The justification for this change is on the grounds that there is a consistent risk to consumers, which is reflected in the number of cases related to the misuse of money or assets, is the misuse of funds from client accounts. So going back to Mr Pitt, at that very same conference, to quantify this risk. He reported that in 2013 there were more than 140 reports of solicitors misusing client money or assets each month and that in total, more than 1,200 claims were made against the compensation fund, with a total value exceeding £29m – the majority of which related to misappropriation of client funds.

Now I am the first to agree that £29m paid out by the Compensation Fund (which is itself funded by the legal profession) is a significant sum of money. But in the context of the billions of pounds of client money that is held securely every day by the vast majority of law firms in England and Wales?

Another positive driver for change other than to reduce consumer risk would be to deliver any cost savings to the consumer to increase access to justice or to drive forward improvements in the speed and effective delivery of legal services to consumers.

Potential Cost Savings?

  • Reduced practising certificate fees? Well that assumes claims on the compensation fund will reduce.
  • Savings on PII? Again that assumes that insurance underwriters will take the view that the reduced risk of misappropriation of client monies is sufficient to make any real difference to law firms’ premiums across England and Wales. Remember the £29.0m that Mr Pitt quoted was funded not by the insurance industry but by the legal profession…………….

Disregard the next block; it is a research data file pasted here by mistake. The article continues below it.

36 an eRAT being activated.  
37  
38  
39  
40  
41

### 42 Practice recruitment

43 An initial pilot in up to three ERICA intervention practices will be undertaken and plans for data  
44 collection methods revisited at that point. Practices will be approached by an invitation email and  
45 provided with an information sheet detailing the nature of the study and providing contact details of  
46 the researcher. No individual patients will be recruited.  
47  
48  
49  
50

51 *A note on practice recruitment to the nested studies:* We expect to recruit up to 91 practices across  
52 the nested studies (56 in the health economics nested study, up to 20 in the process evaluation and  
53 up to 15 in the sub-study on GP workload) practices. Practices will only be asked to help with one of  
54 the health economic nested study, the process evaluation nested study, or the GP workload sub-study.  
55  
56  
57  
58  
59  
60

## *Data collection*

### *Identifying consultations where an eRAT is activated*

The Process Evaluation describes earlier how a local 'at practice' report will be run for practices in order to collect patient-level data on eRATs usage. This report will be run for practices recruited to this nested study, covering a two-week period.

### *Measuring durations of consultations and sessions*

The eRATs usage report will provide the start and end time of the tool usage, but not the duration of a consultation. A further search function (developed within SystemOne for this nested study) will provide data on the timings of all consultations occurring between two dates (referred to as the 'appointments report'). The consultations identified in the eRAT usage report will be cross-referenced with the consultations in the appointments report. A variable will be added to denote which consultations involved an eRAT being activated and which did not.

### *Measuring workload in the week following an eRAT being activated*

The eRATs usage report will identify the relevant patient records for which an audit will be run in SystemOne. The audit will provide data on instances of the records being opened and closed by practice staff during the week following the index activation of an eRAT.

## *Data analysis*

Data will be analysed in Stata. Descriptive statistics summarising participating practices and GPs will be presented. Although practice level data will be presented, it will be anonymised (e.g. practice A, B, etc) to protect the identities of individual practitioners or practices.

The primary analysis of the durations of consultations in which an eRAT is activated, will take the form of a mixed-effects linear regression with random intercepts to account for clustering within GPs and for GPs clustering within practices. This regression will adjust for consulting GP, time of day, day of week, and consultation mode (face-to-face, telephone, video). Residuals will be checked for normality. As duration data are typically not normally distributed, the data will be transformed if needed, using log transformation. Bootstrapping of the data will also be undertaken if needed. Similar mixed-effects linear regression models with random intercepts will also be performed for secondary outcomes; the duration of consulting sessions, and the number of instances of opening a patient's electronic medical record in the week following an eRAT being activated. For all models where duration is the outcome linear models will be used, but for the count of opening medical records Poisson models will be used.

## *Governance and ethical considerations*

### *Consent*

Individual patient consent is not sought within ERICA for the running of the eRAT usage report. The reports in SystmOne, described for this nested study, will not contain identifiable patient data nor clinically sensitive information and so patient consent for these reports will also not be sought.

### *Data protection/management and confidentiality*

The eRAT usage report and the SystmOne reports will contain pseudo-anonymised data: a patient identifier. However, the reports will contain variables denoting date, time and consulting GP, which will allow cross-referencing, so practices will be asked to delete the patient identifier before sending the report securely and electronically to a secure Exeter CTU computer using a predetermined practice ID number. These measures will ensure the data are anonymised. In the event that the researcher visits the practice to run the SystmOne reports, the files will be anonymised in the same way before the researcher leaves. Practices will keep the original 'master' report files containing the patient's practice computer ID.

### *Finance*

• Abolishing the Reporting Accountants report? With the proposal of dual authority over the client money held in escrow bank accounts it’s not really a leap to assume that’s also on the table particularly as this has already been consulted on.
  • More like increased costs! Initial thoughts are the loss of general client interest income, increased transactional bank charges, more bad debts and higher cost of credit management as payment on account monies will potentially be less accessible.

On the face of it, I’m not sure that there’s an argument for achieving real cost savings – at least nothing significant enough to translate into a reduction in charge rates resulting in increased access to justice.  And that’s before considering that there is a real likelihood of increased soft costs such as higher administrative costs for both law firms and their banking partners in dealing with literally millions of new dual authority bank accounts.

Improving speed and effective delivery of quality legal services?

My first sense is that overall that’s probably unlikely certainly in the interim. And now factor in the additional parties into the movement of funds process? I don’t think you need to be an accountant to do the maths!

Believe me I’m not change adverse – in fact given that I am driven to achieve continuous improvement in all areas of my professional life, I’m quite the opposite – but it is difficult to see how changing the current model of solicitor operated client bank accounts to the SRA’s proposal is going to deliver any real improvements in the speed and effective delivery of legal services.

What else is up for reform?

The alternative client account changes are only one small aspect of this consultation as the SRA felt that these proposals “are too narrow in effect to warrant their own consultation”……………

Other legal finance and management specific proposals include:

  • Simplifying compliance officer approval for small firms (1-4 managers)
  • Operational changes and improvements for ABS authorisation
  • Guidance on recording of non-material breaches
  • Clarification on the outsourcing of legal and operational functions

The consultation closes Thursday 11th June – have your say at